White people were more likely to ignore safety precautions like wearing masks and social distancing during the pandemic when they realized the various and disproportionate ways COVID-19 affected African Americans.
Psychologists at the University of Georgia’s Department of Social Science & Medicine made those conclusions following an in-depth study of racial disparities during the pandemic.
“When white people in the U.S. were more aware of racial disparities in COVID-19, they were less fearful of COVID-19,” said Allison Skinner-Dorkenoo, assistant professor of psychology at the University of Georgia and co-author of the study.
“We found evidence of less empathy for people who are vulnerable to COVID-19, and we also found evidence of reduced support for safety precautions to prevent the spread of COVID-19.”
Skinner-Dorkenoo noted that the study revealed that white people mostly showed less concern about COVID and its impact when they believe it is “not a white people problem.”
According to an earlier study by the Black Coalition Against COVID, the Yale School of Medicine, and the Morehouse School of Medicine, African Americans struggled more than most during the pandemic.
In the first three months, the study authors wrote that the average weekly case rate per 100,000 Black Americans was 36.2, compared with 12.5 for white Americans.
In addition, the Black hospitalization rate was 12.6 per 100,000 people, compared with 4 per 100,000 for white people, and the death rate was also higher: 3.6 per 100,000 compared with 1.8 per 100,000.
“The severity of COVID-19 among Black Americans was the predictable result of structural and societal realities, not differences in genetic predisposition,” the authors stated.
When the University of Georgia report authors looked at social comparisons and construal level theory, they made additional conclusions.
Although the elevated rates of COVID-19 infection and mortality among people of color in the U.S. do not objectively reduce the risks of infection among white people, they may reduce perceptions of risk by serving as a source of downward comparison, the authors said.
“When people compare themselves to others who are less well off, they feel more satisfied with their current situation,” the authors asserted.
“When confronted with threatening health concerns, people often spontaneously engage in downward comparisons as a means of coping, which has been shown to reduce engagement in health-protective behaviors. Therefore, news stories about COVID-19 racial disparities may facilitate downward comparison among White U.S. residents, reducing the perceived threat of the virus and endorsement of safety precautions.”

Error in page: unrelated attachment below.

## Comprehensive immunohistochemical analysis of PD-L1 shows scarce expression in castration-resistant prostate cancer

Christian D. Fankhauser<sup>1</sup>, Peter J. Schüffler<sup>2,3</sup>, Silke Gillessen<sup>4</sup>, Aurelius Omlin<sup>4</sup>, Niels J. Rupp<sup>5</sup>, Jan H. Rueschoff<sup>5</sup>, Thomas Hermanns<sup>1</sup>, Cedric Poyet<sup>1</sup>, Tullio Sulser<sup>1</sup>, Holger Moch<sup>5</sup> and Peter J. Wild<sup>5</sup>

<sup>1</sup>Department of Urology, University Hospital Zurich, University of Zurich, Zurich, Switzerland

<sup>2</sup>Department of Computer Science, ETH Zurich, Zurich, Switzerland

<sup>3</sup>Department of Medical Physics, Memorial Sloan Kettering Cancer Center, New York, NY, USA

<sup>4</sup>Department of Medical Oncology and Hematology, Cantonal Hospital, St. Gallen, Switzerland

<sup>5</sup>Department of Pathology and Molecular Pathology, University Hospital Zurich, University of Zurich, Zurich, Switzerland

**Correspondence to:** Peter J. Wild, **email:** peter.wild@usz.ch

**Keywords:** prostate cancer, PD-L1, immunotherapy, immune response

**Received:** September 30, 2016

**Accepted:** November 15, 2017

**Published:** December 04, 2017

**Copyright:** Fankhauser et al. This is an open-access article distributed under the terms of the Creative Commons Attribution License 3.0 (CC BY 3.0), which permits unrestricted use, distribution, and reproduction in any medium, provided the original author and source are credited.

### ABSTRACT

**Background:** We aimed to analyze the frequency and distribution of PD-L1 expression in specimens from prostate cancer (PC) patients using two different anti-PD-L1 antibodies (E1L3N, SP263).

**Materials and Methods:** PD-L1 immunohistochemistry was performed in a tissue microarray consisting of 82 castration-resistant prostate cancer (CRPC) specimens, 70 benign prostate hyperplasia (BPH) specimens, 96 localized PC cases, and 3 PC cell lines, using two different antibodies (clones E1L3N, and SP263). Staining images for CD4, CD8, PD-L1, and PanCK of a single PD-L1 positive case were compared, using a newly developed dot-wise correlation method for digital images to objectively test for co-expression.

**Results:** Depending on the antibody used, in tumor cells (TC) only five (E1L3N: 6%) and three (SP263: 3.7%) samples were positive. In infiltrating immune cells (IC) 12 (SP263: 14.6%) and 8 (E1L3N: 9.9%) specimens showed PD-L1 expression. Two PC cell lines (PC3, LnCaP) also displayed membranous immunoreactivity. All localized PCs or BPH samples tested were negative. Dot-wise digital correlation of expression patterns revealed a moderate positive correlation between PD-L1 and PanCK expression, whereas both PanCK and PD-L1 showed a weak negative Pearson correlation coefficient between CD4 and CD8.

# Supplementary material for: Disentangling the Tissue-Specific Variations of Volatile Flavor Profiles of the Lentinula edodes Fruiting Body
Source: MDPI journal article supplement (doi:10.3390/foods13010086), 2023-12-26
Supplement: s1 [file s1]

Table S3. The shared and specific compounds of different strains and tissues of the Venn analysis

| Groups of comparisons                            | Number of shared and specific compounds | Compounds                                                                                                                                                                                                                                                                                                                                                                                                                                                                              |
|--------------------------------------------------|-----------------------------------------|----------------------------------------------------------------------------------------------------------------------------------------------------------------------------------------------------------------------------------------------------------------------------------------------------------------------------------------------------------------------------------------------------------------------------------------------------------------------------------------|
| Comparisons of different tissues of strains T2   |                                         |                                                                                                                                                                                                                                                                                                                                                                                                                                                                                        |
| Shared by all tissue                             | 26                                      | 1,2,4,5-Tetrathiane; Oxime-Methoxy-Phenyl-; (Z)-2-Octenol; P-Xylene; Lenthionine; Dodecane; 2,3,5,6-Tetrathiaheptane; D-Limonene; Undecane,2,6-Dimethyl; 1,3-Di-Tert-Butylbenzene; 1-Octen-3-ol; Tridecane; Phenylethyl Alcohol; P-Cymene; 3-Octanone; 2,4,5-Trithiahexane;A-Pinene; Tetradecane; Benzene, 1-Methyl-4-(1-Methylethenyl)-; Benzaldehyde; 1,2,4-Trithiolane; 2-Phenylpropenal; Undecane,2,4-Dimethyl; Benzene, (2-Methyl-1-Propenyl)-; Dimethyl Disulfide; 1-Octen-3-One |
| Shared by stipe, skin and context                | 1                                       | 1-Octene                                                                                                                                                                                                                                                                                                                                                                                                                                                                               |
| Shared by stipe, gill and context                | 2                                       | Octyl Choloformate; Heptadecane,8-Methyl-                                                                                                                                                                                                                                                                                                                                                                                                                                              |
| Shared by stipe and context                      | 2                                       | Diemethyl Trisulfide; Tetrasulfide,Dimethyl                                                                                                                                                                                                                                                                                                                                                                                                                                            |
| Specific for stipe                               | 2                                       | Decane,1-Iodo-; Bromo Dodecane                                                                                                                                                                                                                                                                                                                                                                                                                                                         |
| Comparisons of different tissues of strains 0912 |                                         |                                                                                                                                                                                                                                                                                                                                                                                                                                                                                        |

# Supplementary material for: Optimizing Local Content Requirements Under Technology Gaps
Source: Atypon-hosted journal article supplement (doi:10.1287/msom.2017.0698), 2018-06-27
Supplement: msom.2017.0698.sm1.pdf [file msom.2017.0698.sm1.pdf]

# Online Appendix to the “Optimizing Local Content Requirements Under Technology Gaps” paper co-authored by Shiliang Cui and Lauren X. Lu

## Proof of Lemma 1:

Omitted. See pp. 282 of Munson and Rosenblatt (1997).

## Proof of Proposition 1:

They added that awareness of COVID-19 racial disparities could also influence how psychologically distant white U.S. residents feel from COVID-19.
“According to construal level theory, when people and things are more psychologically distant from us socially, in time, or in space, they seem more abstract and less concerning,” the authors concluded.
The authors conceded that information about COVID-19 racial disparities might not have the same effect on all white U.S. residents.
They noted that previous research had revealed that U.S. residents who are more knowledgeable about past racial injustices tend to be more aware of and concerned about systemic inequalities and racism in the present.
“These findings suggest that White U.S. residents who are more knowledgeable about the systemic and structural inequalities that led people of color to be harder hit by COVID-19 may also be more concerned about COVID-19 racial disparities,” the authors wrote.
“This line of thinking suggests that systemic knowledge of contributors to COVID-19 racial disparities would be associated with greater concern about COVID-19 and increased support for safety precautions.”